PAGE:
To be a Whip in the Seanad, one must be not only stern and strong but also a mighty rogue. Tom was a bit of a card in that regard. Senator Coghlan is the finest rogue Kerry every produced and Senator Wilson is not far behind him. On one occasion nobody on the Government side was in the Chamber and all hell broke lose. I had been asked by the then Cathaoirleach, the late Seán Doherty, to travel in his stead to a three day meeting in Rome. I had never been out of the country as a Senator and my bags were all packed. The aforementioned incident caused huge embarrassment for the Government and the Taoiseach, Charlie Haughey, was irate. He called a special meeting of the Seanad group at 3 p.m. the following Sunday. As I was just about to travel to Dublin to take the flight, I rang Tom for advice. I was not happy at what he told me, which was that I would attend the meeting if I had an ounce of sense because it was a critical meeting.
He said to forget about the trip to Rome and the Pope or whoever else I was going to see. I took his advice and I was glad I attended the meeting. Changes were made and, as a result of that debacle, Tom was appointed as Whip in the Chamber. There are many more stories but because of the sensitivities of the House and Tom's position on the censorship board, the Clerk and the Seanad officials would not allow me to regale Members with them. Some of them are of a funny nature and some are set in hostelries outside this establishment.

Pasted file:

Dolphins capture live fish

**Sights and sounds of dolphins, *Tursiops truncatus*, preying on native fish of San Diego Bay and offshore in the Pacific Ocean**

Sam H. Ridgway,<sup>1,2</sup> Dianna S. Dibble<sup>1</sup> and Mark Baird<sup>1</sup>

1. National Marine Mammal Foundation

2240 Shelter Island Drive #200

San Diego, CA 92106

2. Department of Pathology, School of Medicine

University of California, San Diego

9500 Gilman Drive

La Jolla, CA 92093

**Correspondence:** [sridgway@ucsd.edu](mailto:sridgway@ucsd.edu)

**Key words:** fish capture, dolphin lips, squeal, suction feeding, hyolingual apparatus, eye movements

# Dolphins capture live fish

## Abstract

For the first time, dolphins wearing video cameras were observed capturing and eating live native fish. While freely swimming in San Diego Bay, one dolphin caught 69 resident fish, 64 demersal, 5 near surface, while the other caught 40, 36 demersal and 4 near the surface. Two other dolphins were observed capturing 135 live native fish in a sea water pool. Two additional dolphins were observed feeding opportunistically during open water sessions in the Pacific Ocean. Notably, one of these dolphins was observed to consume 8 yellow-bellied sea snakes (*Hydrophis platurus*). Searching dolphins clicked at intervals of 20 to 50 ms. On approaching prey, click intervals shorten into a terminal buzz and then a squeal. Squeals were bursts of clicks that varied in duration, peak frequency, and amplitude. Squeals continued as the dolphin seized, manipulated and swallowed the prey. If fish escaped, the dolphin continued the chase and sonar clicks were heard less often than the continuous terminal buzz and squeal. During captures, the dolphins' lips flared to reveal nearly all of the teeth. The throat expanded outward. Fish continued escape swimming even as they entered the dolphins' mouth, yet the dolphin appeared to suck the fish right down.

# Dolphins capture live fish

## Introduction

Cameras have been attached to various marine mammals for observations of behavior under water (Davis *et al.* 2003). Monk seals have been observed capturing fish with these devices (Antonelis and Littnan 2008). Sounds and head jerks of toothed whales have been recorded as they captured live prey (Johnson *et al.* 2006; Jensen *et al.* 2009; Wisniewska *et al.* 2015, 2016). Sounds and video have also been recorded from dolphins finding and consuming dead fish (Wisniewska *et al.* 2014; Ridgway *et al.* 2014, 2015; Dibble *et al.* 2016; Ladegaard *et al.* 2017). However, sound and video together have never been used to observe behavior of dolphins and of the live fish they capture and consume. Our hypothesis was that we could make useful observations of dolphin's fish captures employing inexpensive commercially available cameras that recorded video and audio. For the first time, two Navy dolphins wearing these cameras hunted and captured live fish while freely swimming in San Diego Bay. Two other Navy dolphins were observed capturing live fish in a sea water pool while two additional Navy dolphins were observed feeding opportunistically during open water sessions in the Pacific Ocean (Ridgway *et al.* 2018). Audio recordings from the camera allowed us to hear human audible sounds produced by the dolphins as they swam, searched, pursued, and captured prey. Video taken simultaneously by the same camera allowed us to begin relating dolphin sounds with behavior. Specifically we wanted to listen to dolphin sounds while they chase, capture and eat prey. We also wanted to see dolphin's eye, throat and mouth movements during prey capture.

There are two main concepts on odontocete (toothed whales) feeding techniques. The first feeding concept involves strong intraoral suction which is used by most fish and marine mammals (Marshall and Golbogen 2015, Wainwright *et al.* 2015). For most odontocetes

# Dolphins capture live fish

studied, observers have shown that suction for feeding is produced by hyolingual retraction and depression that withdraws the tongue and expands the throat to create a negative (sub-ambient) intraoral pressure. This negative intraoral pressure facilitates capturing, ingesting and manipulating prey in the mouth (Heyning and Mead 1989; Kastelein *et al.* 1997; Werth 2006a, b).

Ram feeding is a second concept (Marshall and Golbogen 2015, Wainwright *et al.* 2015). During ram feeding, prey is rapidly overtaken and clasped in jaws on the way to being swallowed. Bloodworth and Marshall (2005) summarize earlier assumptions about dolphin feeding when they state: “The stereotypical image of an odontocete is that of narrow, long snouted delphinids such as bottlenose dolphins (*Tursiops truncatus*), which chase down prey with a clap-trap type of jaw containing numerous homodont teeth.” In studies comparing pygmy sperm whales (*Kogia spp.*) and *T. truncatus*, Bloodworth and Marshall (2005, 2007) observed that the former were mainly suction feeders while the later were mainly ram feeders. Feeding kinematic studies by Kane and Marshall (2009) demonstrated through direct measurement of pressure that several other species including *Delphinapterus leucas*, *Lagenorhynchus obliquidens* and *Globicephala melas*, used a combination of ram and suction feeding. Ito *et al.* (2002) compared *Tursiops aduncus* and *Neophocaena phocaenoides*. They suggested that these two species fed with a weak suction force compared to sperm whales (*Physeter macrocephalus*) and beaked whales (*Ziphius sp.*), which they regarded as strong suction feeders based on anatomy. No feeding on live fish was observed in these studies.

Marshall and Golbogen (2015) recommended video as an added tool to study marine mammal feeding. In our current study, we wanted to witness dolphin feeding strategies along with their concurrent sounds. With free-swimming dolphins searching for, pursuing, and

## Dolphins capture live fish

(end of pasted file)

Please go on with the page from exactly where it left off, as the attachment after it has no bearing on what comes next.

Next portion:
We were very good friends. He was a great family man and he always spoke of his wife Bridie, his two sons, Breandán and Tomás, and his daughter, Michelle. I remember the affection and love for Dingle and Kerry. We would have a rumpus during the Munster final but when it was over we were the best of friends. He was a proud Kerry man and he had a great interest in rural Ireland and where he came from, Dingle, Kerry, and in the fishing industry. Many people in this House and in the Lower House believe there is not enough representation of rural communities such as the one I come from in the Sheep's Head peninsula or in Dingle. There is not enough being said for the support of rural Ireland in either Chamber but Tom was very strong on that issue.
I will not go through the various elections he stood for, which include standing in council elections in 1979. He was a Member of this House on many occasions and he stood unsuccessfully for the Dáil on one occasion. I wish I had only one unsuccessful attempt. I have fond memories of him. It was deemed that I am in charge of these proceedings as Leas-Chathaoirleach. I extend my sincere sympathy officially to Bridie, his sons Breandán and Tomás, his daughter, Michelle, and to his extended family. I am also proud to see that they have adopted a man from Cahirkeem Urhin in Corca Dhuibne and I am delighted to see him here. We will rise to say a prayer and I have no doubt Tom is looking down upon us.